The rise in wages notwithstanding, the fact remains that those economists, including so-called “liberal Democrats” of the Seymour Harris-John Galbraith type who would place responsibility for the present inflation in equal proportion on labor and capital, cannot substantiate their position. Over the past four years, according to government figures, labor’s share in the national income rose 3.7%; small unincorporated business dropped 4.5%; farmers went down 36.5%; while corporate profits increased by 16.4% and interest income rose 40%.  Thus the total increase in the share of national income was 56.4% to profits and interest combined while labor’s, again, was only 3.7%. Indicated here is an interesting relationship between profits and interest which we will comment on below, but for now it should be clear that the responsibility for inflation does not rest in the consumption section of the economy. In this connection we further note the report of the Bureau of Labor Statistics:
“The index for unit labor costs was lower than the price index for every year prior to 1956, although the difference was very slight and probably insignificant in 1953 and 1954.” 
On the other hand, those who believe that artificially high administered prices and profits are the cause of the inflation are not much closer to the truth. In reality prices cannot be set and maintained for any considerable period of time by any group, no matter how determined or seemingly powerful. The economic laws of motion of capitalism remain more powerful than the will of the capitalist class. And the competitive struggle for an increase in labor productivity finds its way through the medium of the world market even through the state monopoly of foreign trade in Russia. As Galbraith of Yale correctly maintained , administered prices are neither morally improper, nor a transient phenomenon. Basically they are not actually “administered” at all. They are nothing less than the reflection of the need for capital to accumulate in the teeth of the falling rate of profit at an advanced stage of its operation. The magnificently self-styled “democratic” alternative proposed by Walter Reuther, to the effect that the corporations ought to go into the stock market rather than depend on high prices and internal accumulation, is a fantasy. If his advice were followed to the letter, the probability is that prices would go still higher because of the rise in discount and interest rates.
As a matter of fact, a recent report  indicates that business concerns raised more funds through the sale of new stock in the first half of 1957 than in any first half year since World War II, and that the higher long-term capital requirements were financed in increasing degree from security issues. This has taken place despite the fantastically high “administered prices.”
There is evidence, indeed, to indicate a decline in profits in the post-Korean period. The typical profit ratio for manufacturing corporations in the pre-Korean and Korean war periods was 11%, while the typical ratio in the period since, before taxes, has been 9%.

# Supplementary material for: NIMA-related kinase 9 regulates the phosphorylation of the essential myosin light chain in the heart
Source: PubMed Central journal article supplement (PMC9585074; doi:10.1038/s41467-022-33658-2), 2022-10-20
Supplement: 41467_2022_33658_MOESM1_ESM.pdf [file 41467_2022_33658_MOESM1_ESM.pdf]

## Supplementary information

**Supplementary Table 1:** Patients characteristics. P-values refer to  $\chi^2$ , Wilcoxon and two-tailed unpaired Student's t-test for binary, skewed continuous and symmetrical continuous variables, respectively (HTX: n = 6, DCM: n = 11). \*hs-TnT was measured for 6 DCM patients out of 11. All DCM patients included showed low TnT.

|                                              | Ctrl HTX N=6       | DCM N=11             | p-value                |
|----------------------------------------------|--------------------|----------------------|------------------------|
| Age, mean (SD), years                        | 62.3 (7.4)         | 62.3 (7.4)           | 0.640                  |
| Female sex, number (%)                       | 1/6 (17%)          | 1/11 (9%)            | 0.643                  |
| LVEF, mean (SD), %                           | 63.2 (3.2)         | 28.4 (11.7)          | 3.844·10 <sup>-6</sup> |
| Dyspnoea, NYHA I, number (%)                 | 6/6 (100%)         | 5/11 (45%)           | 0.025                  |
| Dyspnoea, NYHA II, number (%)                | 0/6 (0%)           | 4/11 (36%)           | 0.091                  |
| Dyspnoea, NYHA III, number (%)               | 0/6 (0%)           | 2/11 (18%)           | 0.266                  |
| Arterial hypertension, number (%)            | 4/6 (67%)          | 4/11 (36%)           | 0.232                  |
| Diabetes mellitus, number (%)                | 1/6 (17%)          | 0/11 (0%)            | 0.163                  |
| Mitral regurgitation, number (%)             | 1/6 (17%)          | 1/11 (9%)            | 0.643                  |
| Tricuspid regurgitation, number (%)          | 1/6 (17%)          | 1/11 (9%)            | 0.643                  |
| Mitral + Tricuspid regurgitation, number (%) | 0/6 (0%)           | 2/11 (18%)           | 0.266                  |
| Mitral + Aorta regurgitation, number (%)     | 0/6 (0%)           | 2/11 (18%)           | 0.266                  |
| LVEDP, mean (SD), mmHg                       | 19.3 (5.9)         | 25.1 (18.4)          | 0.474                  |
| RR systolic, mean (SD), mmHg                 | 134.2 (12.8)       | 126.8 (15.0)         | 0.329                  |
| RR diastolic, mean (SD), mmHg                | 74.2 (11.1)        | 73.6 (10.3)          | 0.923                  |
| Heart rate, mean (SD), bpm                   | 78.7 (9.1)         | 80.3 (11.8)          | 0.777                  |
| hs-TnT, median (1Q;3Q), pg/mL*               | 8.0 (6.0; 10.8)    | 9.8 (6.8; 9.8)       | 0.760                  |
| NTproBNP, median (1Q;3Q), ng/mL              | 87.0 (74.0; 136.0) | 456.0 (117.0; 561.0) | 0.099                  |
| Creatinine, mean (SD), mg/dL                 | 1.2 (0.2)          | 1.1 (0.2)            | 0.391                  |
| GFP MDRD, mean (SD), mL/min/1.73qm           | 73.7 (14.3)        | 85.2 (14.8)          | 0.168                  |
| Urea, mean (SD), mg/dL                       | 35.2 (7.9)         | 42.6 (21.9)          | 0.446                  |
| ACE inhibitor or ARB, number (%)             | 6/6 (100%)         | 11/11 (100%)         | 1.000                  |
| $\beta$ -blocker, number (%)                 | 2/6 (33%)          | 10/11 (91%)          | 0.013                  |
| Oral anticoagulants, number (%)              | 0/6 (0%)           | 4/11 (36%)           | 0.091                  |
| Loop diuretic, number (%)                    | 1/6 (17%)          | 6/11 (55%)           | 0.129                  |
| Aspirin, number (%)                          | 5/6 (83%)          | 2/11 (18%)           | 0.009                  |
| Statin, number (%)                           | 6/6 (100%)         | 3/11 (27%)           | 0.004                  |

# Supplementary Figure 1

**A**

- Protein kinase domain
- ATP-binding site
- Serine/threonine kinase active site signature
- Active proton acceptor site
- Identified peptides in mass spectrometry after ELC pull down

The combined pressure of the declining rate of profit and the resistance of the working class first manifested itself in rising prices at the opening of the twentieth century. By the middle of this century the pressure has become so intense that the capitalist state, as we have seen, has begun to intervene to slow the accumulation of capital itself. But there is yet another phenomenon characteristic of this century as contrasted with the last, which, while developing out of the basic pincers movement we have been describing, takes on a life of its own, and returns to add fresh contradictions, illusions, and further fuel to the inflationary holocaust. That phenomenon is the growth of debt.
Of the three major debt-developing areas, production, consumption and state debt, in the nineteenth century only the first had begun its real growth. Even in the field of production, as we have earlier noted [p. 97 of the summer International Socialist Review], it was still possible for Carnegie towards the end of the century to personally finance a tremendous expansion in the production of steel. By the turn of the century such developments became increasingly rare. The growth of personal fortunes, great as they were, could not keep pace with the growing level of capital accumulation. Stocks, bonds, and bank loans became the primary means of filling the gap. And if by 1916, that is, after 116 years of capitalist development, the total net corporate debt stood at $40.2 billions, by 1952 it had risen to $167.4 billions, while by 1956 it stood at $208.2 billions.  That is, in the latest four-year period alone, corporate indebtedness rose slightly more than it did in the whole earlier 116-year period.
In the years from 1921 to 1929, corporations expanded long-term indebtedness by 111% while national income rose only 29%.  In 1952, corporate debt was about 43.5% of assets, which represented an increase of 5% since 1945.  Figures quoted above indicate that external financing is increasing relative to internal financing, and although this relationship has not always held true, Reuth-er’s advice to the corporations seems somewhat superfluous.